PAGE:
By Julia Rentsch
Loveland will amend its Electric Enterprise utility to include communications services in due course, and begin development of a detailed municipal broadband business plan after several ordinances passed by the City Council Tuesday night.
The three ordinances adopted on second reading allow city staff to direct time and resources toward fulfilling the seven recommendations delivered to council by the Loveland Broadband Task Force Dec. 12. The first ordinance, to appropriate $2.5 million from the Power General Fund for staff to follow the recommendations, passed 8-1 with Councilor Dave Clark against; the second, to add communications to the Loveland electric utility, passed 5-4 with councilors Clark, Don Overcash, Jeremy Jersvig and Steve Olson against; the third, to transition the Task Force into a new city advisory board for communications, passed 7-2, with Clark and Olson against. Continue reading
LEVERETT — Inside a green metal building in Leverett, lightning-fast internet connections pulse through yellow-coated fibers, one per customer.
One strand belongs to Susan Valentine, an artist who lives down the hill on Long Plain Road in this Franklin County town.
“Man, it was a long time coming,” she said recently. Continue reading
By Stephanie Kanowitz
As communities across the country continue to clamor for high-speed broadband, the number of critics speaking out against municipal broadband is growing.
At the heart of the debate is whether governments or private industry should have jurisdiction over broadband. Those who favor private industry point to the historical success of capitalism, while “broadband populists,” as a new report by the Information Technology and Innovation Foundation (ITIF) calls them, favor government regulation and operation much like other city services. Continue reading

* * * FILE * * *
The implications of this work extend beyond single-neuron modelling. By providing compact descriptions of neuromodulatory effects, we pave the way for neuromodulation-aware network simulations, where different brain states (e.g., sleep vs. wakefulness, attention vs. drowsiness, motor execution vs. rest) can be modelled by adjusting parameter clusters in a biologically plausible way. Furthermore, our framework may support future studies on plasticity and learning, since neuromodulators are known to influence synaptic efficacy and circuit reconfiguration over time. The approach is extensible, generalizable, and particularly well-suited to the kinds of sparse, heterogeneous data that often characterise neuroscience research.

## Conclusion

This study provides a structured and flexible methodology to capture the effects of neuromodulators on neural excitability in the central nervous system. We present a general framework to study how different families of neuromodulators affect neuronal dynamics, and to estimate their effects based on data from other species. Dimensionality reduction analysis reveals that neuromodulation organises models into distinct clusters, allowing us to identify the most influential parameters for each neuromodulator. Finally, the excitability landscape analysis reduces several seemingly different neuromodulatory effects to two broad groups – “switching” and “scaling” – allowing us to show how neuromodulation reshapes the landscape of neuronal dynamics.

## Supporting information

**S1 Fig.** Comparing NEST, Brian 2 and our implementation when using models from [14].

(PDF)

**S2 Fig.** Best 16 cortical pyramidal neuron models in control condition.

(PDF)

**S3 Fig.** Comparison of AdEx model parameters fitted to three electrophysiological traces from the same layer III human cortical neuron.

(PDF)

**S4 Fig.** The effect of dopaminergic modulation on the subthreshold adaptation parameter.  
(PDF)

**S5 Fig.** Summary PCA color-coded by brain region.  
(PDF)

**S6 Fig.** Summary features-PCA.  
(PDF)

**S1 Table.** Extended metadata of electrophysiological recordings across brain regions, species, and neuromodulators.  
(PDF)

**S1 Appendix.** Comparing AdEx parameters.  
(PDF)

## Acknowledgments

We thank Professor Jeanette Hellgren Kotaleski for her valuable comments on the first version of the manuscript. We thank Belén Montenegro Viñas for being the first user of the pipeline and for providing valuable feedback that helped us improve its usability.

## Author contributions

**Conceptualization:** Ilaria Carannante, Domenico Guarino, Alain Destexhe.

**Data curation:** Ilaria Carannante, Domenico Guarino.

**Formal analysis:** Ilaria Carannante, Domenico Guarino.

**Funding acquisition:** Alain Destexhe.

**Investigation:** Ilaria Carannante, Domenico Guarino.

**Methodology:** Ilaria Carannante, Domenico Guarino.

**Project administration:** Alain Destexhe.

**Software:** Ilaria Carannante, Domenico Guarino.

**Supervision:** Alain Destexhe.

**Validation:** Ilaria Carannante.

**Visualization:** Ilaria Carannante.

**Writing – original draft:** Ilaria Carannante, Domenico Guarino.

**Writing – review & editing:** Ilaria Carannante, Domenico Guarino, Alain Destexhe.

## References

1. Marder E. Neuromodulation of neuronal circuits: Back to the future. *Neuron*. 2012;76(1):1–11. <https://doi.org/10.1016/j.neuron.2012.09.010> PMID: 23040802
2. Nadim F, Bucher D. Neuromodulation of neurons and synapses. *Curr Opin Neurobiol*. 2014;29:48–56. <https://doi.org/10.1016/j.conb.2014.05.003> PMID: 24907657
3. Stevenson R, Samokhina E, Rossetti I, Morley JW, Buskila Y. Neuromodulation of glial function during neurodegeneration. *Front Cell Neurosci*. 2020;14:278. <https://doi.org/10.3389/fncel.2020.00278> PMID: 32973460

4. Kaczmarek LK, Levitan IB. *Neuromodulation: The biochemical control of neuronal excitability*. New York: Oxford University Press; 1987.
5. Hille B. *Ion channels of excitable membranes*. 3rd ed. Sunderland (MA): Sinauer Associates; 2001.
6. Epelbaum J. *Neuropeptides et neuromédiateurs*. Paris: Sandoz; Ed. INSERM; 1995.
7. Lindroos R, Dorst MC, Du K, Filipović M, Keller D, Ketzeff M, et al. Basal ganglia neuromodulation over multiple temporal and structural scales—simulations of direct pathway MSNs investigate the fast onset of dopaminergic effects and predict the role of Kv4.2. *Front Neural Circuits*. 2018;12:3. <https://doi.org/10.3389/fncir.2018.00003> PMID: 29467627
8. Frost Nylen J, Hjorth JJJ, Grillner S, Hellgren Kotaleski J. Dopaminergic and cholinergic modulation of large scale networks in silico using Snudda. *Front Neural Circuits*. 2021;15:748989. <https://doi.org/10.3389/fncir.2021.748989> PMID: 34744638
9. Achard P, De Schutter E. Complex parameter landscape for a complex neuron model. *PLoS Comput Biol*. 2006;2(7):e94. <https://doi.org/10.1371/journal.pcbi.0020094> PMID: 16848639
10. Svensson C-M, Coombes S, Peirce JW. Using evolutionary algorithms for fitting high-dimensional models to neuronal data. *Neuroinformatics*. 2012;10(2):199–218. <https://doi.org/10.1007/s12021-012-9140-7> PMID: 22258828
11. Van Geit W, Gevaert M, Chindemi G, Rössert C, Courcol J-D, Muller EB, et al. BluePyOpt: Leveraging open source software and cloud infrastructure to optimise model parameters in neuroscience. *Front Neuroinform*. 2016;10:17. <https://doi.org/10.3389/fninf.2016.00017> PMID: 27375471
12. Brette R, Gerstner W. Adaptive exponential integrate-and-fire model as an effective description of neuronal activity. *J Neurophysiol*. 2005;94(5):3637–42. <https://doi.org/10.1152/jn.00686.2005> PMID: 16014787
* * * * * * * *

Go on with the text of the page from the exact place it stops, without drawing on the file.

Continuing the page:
SAN FRANCISCO — Google Fiber is halting its rollout in 10 cities and laying off staff as its chief executive, Craig Barratt, steps down, dealing a major setback to the Internet giant’s ambitions of blanketing the nation in super-speedy Internet.
Barratt, CEO of Alphabet’s Access division who had been in charge of Google Fiber, said in a blog post that he would stay on as an adviser. Continue reading
Three years after Centennial voters approved a measure clearing the city to explore building its own broadband network, a Canadian company is asking, will you pre-order gigabit internet for $89 a month?
If enough people bite, Ting Internet will bring its fiber-optic network to residents of the city as early as next year. Continue reading
Rangely Museum (Photo credit: Wikipedia)
Calix Inc. will provide its fiber to the premises (FTTP) network gear to five municipal markets.
Independence Light and Power, Telecommunications (ILP, T) in Independence, IA, plans to upgrade its hybrid fiber/coax (HFC) plant to an all-fiber network to deliver managed WiFi services to subscribers and expand the company’s reach outside of the city limits. The service provider will deploy Calix 725GE optical network terminals (ONTs) and E7-2 modular access systems.
“Every week, we are adding more and more broadband subscribers who are looking for a robust and reliable broadband service,” says Josh Vandenburg, network engineer at ILP, T. “By moving to the Calix solutions, we are now able to seamlessly transition to fiber, which allows us to roll out new services and fully utilize the 10 Gbits/sec ring that runs through Independence.” Continue reading
English: Availability of 4 Mbps-Capable Broadband Networks in the United States by County (Photo credit: Wikipedia)
Carl’s opinion piece is clearly in support of an industry that is very happy to sell equipment to these new customers because the incumbent telco business is not growing very fast, if at all. Allowing government to offer communications services in a particular market is not competing; it is taking it over because they can use bonds (low interest) and taxpayer money to fund these networks. State legislators have created these laws to prevent just these things from happening along with providing protection when half of these ventures go bankrupt.
Telcos are not clean on this because they are using crony capitalism to protect their monopoly or duopoly. If legislators enact such laws they should hold incumbents to the universal service agreement that AT&T adhered for decades.